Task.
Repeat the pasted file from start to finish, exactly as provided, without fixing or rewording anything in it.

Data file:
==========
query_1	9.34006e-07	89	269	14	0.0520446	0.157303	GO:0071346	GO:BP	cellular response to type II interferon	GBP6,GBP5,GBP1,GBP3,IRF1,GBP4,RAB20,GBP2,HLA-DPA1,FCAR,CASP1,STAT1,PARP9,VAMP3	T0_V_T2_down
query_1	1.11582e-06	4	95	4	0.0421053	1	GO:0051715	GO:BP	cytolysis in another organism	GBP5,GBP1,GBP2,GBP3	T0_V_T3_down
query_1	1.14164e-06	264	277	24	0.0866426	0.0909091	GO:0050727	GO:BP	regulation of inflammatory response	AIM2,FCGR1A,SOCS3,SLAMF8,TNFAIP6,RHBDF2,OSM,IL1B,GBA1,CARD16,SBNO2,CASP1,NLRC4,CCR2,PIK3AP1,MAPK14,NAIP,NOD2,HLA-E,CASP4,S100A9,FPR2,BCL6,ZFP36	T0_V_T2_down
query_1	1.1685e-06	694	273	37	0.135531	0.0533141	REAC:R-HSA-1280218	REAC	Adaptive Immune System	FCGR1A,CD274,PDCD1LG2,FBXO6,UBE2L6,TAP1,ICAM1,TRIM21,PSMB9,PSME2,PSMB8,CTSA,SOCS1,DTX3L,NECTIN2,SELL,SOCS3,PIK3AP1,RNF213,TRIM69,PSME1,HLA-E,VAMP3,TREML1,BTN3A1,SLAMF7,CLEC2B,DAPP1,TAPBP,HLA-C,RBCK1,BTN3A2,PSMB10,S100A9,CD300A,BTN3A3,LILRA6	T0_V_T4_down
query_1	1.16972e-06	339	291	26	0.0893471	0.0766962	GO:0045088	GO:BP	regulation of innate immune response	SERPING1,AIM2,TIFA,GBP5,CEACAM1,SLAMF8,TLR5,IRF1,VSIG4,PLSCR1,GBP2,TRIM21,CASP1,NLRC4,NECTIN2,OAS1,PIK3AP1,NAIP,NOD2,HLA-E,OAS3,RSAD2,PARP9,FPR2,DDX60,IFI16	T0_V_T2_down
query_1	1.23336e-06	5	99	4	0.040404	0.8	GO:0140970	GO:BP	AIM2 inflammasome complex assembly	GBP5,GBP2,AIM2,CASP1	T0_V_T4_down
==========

query_1	9.34006e-07	89	269	14	0.0520446	0.157303	GO:0071346	GO:BP	cellular response to type II interferon	GBP6,GBP5,GBP1,GBP3,IRF1,GBP4,RAB20,GBP2,HLA-DPA1,FCAR,CASP1,STAT1,PARP9,VAMP3	T0_V_T2_down
query_1	1.11582e-06	4	95	4	0.0421053	1	GO:0051715	GO:BP	cytolysis in another organism	GBP5,GBP1,GBP2,GBP3	T0_V_T3_down
query_1	1.14164e-06	264	277	24	0.0866426	0.0909091	GO:0050727	GO:BP	regulation of inflammatory response	AIM2,FCGR1A,SOCS3,SLAMF8,TNFAIP6,RHBDF2,OSM,IL1B,GBA1,CARD16,SBNO2,CASP1,NLRC4,CCR2,PIK3AP1,MAPK14,NAIP,NOD2,HLA-E,CASP4,S100A9,FPR2,BCL6,ZFP36	T0_V_T2_down
query_1	1.1685e-06	694	273	37	0.135531	0.0533141	REAC:R-HSA-1280218	REAC	Adaptive Immune System	FCGR1A,CD274,PDCD1LG2,FBXO6,UBE2L6,TAP1,ICAM1,TRIM21,PSMB9,PSME2,PSMB8,CTSA,SOCS1,DTX3L,NECTIN2,SELL,SOCS3,PIK3AP1,RNF213,TRIM69,PSME1,HLA-E,VAMP3,TREML1,BTN3A1,SLAMF7,CLEC2B,DAPP1,TAPBP,HLA-C,RBCK1,BTN3A2,PSMB10,S100A9,CD300A,BTN3A3,LILRA6	T0_V_T4_down
query_1	1.16972e-06	339	291	26	0.0893471	0.0766962	GO:0045088	GO:BP	regulation of innate immune response	SERPING1,AIM2,TIFA,GBP5,CEACAM1,SLAMF8,TLR5,IRF1,VSIG4,PLSCR1,GBP2,TRIM21,CASP1,NLRC4,NECTIN2,OAS1,PIK3AP1,NAIP,NOD2,HLA-E,OAS3,RSAD2,PARP9,FPR2,DDX60,IFI16	T0_V_T2_down
query_1	1.23336e-06	5	99	4	0.040404	0.8	GO:0140970	GO:BP	AIM2 inflammasome complex assembly	GBP5,GBP2,AIM2,CASP1	T0_V_T4_down